The Pressure Cooker

Posted on October 24, 2013


When I was in high school and college, I worked at Taco Bell.  Back when I started working there, we used to cook the refried beans in the store.[1]  The pinto beans came in big 50lb. sacks and we would cook them in these big pressure cookers.  I still remember the recipe, but I may be prohibited from revealing it by some agreement I signed when I was an employee.  Anyway, the way this worked was you put all of the ingredients into the pressure cooker.  Then you put the lid on and secured it with the eight big bolts with plastic wing nuts.  Then you heated it up until you had it at 15 lbs. of pressure and let it cook for two hours.  If the pressure inadvertently got too high, there was a release valve on the lid so that the steam could be released (much better than having the thing explode).  The release valve was also needed when the beans were done cooking.  It would be a bad idea to just unscrew the bolts that held the lid without first letting the pressure out.  So when the beans were done cooking, before you took the lid off and started mashing them, you needed to let out the steam to equalize the pressure.

Now you are probably thinking that I am going to draw some analogy to couple relationships.  Well, you’re right; that’s exactly it.  When your partner brings a complaint to you, there are generally both an emotional component and a problem to be solved.  Once in a while it is just one or the other, but that tends to be the exception.  Usually in therapy the bigger piece is the emotional component.  Not understanding that fact many times is what got you into the relationship distress that brought you to therapy.  In our analogy, the emotional part is the steam in the pressure cooker.  We all have that part of our experience, and we need a way to release it.  The release valve is empathy from our partner.  If our partner is able by reflecting our feelings to demonstrate that they get what this is like for us and why it is important, then the pressure is released.  You can’t move to solving the problem until the emotional component has been acknowledged (i.e. until the pressure has been let out of that cooker).  Once the emotions have been understood, then we can take the lid off of that thing and figure out what we need to do about it.

In addition to providing marital therapy, I also specialize in treating sexual addiction.  Though not all sex addicts are men, the ones I work with are.  Consequently, I will talk in gender specifics where the husband is the sex addict.  Often when the addict is early in recovery, he is getting some good sobriety established (i.e. he is no longer acting out), and he may be experiencing closeness with his wife that he has not had in a long time (or perhaps, has never had before).  At the same time, his wife is still coping with her emotional experience.  She is still hurt.  She is afraid that his changes may not be lasting.  She worries that there may be more that he has done that she does not know about.  She is also still grieving the loss of the marriage she thought she had, and coming to terms with the reality of being married to a sex addict.  When these feelings surface, it is not about how we are mashing and storing the beans, it is about dealing with the overwhelming emotional pressure.  The answer to “Just tell me what else you did,” is “This is really scary for you when you worry about what else I might have done.  The pain is so much.”  That is the release valve.  Denying or explaining doesn’t work until you demonstrate that you “get it.”  Apologizing (again) only works after you have demonstrated that you “get it” and therefore, know what you are apologizing for (i.e. the pain you caused your partner).  Discussing how you are working at your own recovery is only helpful after you have shown that you understand your partner’s emotional experience.[2]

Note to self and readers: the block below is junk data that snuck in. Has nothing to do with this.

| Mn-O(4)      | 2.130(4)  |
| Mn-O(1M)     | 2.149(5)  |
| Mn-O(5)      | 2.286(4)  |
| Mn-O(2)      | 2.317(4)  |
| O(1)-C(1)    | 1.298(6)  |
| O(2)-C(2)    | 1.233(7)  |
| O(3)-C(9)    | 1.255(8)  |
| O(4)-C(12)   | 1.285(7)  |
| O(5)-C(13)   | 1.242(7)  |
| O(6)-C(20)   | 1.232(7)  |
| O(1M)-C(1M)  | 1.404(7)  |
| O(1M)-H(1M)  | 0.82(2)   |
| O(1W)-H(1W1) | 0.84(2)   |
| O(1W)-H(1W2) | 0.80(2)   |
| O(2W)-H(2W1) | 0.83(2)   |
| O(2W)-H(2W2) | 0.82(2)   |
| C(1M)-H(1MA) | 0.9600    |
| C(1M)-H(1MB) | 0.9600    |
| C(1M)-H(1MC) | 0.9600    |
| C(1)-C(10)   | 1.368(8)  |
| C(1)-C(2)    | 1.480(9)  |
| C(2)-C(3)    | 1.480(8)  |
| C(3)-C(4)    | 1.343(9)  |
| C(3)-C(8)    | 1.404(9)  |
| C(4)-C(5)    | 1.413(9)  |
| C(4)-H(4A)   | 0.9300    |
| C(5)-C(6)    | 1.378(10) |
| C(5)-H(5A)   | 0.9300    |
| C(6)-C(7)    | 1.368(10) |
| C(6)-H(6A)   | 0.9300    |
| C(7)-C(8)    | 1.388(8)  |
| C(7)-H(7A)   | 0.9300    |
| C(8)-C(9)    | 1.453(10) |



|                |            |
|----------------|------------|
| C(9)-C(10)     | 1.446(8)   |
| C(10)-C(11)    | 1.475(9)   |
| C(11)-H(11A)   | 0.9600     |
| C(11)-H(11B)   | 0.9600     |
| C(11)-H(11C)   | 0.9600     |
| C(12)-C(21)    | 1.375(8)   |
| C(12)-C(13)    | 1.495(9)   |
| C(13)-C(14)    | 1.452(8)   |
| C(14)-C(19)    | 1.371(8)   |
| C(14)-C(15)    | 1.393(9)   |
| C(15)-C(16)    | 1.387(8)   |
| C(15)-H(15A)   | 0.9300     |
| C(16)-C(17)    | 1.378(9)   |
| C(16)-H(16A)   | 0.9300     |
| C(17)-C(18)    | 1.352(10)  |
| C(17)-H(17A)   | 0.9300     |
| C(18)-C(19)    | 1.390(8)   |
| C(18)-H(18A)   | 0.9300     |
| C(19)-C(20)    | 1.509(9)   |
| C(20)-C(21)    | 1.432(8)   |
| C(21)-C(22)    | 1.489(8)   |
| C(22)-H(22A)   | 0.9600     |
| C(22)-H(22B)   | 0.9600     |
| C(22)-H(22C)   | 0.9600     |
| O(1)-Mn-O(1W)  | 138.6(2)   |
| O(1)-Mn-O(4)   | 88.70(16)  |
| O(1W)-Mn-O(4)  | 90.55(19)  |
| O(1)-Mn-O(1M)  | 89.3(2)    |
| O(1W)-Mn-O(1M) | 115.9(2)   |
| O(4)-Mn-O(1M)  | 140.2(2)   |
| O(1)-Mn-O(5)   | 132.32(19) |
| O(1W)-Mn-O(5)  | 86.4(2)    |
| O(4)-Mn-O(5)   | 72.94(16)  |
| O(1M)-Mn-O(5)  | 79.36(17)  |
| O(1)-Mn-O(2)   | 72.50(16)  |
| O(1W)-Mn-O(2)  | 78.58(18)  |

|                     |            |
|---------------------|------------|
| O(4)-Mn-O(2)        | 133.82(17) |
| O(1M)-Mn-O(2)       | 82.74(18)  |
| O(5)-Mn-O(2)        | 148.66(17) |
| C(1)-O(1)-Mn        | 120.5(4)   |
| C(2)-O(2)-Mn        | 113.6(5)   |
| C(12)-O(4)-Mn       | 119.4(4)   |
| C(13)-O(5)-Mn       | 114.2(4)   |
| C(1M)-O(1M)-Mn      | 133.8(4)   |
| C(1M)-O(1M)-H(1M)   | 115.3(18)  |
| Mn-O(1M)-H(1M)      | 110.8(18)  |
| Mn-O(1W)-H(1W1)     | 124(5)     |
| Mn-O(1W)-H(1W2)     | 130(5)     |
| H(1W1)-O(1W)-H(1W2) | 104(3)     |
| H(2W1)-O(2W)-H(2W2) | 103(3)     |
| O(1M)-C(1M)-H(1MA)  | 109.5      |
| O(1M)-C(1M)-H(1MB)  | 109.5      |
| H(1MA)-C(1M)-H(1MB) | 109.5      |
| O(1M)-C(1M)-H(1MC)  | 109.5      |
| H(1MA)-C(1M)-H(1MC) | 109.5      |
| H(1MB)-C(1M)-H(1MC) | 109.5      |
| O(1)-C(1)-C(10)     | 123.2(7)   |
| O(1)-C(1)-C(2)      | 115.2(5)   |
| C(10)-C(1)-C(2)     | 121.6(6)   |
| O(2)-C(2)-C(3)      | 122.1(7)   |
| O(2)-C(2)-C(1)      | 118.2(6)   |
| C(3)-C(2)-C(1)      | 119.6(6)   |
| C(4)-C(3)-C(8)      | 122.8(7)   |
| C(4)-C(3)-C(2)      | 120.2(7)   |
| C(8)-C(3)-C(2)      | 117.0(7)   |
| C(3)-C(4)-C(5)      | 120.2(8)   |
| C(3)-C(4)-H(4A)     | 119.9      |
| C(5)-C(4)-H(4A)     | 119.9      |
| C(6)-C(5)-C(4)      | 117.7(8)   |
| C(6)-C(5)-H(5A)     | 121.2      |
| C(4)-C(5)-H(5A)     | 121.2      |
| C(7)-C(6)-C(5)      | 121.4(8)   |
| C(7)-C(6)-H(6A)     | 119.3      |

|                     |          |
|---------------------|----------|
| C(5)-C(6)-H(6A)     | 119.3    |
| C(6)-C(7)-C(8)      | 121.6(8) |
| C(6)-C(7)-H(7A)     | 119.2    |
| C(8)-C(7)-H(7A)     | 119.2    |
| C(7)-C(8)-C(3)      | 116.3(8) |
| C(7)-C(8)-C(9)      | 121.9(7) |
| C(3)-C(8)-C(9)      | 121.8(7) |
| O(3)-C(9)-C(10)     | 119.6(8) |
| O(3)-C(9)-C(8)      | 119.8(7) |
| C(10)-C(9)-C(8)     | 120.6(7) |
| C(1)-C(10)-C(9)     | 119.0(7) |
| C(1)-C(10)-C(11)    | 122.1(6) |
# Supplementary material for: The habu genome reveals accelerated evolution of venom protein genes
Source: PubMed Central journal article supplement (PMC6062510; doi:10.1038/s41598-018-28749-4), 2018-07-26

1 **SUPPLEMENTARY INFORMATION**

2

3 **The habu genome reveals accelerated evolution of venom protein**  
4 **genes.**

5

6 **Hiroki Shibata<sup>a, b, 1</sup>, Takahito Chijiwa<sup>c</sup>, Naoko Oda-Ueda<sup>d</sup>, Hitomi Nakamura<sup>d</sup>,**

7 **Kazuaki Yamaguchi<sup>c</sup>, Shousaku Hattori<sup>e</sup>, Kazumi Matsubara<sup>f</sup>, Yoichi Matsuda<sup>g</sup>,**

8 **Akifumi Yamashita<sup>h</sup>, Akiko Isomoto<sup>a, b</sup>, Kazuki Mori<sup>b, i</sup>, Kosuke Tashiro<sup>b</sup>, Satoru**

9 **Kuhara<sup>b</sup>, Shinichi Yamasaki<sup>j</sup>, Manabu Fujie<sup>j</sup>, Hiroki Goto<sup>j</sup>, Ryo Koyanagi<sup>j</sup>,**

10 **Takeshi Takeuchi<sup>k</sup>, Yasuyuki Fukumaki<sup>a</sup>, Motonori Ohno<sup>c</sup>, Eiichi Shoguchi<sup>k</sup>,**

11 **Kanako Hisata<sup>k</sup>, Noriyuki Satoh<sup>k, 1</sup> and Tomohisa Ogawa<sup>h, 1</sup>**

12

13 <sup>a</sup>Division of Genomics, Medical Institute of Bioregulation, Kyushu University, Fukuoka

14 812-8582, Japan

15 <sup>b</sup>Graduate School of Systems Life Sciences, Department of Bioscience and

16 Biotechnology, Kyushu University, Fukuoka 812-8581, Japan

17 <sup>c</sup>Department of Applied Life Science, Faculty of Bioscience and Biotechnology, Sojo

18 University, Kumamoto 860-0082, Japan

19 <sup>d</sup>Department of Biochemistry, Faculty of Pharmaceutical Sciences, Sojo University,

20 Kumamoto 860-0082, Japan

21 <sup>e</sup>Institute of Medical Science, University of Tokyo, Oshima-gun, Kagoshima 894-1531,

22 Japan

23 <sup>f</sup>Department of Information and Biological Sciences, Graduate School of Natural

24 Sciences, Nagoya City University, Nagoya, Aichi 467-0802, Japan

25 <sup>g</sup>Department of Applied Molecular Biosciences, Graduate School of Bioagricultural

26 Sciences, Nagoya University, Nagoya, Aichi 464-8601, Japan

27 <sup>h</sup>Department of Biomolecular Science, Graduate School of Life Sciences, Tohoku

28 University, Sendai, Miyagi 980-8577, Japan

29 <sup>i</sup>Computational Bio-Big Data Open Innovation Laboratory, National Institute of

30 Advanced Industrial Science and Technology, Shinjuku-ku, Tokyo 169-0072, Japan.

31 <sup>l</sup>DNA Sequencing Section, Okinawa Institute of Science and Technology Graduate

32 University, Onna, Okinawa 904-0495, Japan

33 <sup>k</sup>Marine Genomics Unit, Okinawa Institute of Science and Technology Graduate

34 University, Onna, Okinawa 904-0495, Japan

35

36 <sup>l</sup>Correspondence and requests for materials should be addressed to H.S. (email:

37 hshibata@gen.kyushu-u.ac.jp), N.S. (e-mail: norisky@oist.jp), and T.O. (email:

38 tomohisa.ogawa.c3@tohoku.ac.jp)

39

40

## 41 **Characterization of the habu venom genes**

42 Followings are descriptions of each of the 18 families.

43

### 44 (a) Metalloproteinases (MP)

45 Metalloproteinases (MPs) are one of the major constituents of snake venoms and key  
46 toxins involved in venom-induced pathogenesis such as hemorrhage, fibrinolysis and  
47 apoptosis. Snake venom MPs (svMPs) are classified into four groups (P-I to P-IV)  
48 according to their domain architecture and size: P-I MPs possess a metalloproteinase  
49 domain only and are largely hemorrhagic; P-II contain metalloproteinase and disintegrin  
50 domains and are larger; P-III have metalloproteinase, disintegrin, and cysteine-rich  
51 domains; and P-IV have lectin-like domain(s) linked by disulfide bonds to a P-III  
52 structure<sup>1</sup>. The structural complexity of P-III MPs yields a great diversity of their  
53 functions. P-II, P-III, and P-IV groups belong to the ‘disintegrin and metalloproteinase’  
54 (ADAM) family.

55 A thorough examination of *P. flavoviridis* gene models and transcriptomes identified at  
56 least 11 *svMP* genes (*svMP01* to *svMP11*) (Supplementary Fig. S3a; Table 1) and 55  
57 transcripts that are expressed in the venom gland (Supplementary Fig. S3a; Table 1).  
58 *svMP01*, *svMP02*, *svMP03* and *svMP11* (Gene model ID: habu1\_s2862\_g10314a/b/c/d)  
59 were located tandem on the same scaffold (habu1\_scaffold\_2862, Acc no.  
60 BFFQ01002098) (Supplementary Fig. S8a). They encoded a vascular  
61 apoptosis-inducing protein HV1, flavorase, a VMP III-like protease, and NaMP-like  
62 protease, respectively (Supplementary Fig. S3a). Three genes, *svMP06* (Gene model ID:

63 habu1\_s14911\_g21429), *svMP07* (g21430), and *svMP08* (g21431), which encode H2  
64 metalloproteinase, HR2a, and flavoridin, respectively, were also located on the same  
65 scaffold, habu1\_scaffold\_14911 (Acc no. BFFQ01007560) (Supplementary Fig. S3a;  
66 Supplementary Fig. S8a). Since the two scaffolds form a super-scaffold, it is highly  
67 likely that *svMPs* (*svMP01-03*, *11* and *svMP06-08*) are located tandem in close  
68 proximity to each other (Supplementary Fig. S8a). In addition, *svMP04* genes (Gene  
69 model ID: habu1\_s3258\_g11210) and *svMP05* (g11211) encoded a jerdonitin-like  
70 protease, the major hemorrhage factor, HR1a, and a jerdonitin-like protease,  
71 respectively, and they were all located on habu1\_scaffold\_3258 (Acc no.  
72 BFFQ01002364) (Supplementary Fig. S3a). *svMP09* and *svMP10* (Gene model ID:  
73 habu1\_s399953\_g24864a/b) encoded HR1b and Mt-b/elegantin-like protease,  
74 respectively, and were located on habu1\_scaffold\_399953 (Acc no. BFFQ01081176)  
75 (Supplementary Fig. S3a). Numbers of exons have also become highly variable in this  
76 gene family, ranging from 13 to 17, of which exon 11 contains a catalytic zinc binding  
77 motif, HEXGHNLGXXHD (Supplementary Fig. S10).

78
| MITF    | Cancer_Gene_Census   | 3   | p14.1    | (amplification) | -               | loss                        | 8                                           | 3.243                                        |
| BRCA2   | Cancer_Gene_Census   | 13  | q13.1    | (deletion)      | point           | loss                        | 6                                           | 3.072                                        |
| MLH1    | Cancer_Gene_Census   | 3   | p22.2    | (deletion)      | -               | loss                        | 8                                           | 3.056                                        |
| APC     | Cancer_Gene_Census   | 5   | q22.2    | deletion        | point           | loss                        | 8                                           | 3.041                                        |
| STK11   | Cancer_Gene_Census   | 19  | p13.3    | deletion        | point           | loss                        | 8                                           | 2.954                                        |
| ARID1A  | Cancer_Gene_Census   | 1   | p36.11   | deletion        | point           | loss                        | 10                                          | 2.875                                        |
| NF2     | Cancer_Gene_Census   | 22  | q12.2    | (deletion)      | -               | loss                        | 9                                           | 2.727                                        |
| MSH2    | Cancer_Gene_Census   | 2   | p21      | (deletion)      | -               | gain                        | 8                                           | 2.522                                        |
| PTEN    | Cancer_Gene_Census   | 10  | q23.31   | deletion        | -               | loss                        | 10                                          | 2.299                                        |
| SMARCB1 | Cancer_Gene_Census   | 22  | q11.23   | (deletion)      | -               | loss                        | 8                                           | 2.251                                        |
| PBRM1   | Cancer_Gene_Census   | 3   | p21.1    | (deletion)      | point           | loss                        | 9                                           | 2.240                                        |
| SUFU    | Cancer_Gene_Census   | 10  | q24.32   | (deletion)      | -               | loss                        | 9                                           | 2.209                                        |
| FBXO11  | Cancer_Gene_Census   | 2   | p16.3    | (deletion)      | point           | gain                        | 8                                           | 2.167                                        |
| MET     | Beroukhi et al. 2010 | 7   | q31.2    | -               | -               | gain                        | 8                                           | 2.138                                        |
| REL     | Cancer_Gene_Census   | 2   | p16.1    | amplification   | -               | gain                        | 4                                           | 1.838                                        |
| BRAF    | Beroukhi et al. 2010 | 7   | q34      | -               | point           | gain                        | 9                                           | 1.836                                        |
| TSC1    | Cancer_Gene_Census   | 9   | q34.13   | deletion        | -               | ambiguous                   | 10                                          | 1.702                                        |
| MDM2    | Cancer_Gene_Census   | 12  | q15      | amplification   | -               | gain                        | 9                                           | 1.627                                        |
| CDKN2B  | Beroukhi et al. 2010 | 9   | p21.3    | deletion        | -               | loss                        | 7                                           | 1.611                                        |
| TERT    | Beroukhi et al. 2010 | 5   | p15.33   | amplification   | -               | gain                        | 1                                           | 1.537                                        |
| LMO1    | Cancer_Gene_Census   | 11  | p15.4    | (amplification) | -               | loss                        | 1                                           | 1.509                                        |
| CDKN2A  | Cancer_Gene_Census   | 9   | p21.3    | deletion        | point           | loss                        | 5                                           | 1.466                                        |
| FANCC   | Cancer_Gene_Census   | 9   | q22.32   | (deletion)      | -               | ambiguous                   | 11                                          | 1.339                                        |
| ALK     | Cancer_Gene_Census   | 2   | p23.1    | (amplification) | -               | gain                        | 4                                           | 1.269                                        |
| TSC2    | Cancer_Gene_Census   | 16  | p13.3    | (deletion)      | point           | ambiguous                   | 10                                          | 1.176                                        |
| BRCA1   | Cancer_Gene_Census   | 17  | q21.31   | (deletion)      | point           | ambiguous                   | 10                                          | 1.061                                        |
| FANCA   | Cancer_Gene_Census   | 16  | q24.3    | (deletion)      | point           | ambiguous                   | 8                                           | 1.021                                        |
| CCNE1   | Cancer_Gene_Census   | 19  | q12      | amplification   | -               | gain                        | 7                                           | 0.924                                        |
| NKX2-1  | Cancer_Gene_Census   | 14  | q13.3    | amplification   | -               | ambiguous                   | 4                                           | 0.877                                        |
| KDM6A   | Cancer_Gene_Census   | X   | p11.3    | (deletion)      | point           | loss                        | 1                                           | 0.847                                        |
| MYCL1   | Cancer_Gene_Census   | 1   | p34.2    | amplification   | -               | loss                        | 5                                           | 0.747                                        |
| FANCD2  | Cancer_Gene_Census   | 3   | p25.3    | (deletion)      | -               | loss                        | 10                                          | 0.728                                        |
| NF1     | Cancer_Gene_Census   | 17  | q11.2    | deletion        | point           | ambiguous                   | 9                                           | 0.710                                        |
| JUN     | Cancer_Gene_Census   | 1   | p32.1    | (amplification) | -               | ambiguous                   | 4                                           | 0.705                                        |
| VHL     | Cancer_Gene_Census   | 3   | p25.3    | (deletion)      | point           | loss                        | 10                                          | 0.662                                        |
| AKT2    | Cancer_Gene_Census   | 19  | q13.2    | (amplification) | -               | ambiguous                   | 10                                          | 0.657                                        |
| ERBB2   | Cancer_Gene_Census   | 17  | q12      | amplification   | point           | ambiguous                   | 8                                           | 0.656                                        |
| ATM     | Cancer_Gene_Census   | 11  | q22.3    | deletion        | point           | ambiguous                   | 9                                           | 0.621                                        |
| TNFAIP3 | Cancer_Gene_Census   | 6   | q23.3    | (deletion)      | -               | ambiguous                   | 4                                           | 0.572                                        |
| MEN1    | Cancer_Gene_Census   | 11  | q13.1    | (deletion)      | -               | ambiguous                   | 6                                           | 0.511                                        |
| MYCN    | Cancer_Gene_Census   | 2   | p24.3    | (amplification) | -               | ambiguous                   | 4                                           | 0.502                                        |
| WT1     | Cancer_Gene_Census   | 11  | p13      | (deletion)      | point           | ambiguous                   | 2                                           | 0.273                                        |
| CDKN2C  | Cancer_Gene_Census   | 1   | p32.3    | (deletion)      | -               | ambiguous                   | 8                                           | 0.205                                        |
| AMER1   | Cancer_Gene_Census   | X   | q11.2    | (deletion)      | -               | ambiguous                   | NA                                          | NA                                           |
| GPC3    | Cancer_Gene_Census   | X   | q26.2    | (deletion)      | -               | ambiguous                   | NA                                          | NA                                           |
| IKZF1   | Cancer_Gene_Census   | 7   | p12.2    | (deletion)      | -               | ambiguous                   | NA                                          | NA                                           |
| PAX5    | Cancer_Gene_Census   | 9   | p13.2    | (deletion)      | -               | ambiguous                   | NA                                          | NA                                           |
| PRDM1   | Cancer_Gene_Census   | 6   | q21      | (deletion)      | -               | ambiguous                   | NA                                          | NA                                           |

You can apply this to many aspects of your relationship.  If you get into arguments that escalate in anger and volume and/or never seem to resolve, if you have arguments where you are repeating the same words over and over, it is probably not about problem solving, but about the emotional component.  If you are one who takes the position of “let us reason together,” this can be great in business.  It can be problematic in marriage until you have learned to use the release valve.  You have to let out the pressure before you take the lid off and start mashing the beans.

[1] Later in my tenure, the refries arrived frozen in cartons.  You really needed to plan ahead on ordering because they needed a couple of days to thaw in the walk-in.

[2] Incidentally, avoid the words “I understand.”  The way you show that you understand is by reflecting the feeling, i.e. stating to your partner what you understand her feeling to be.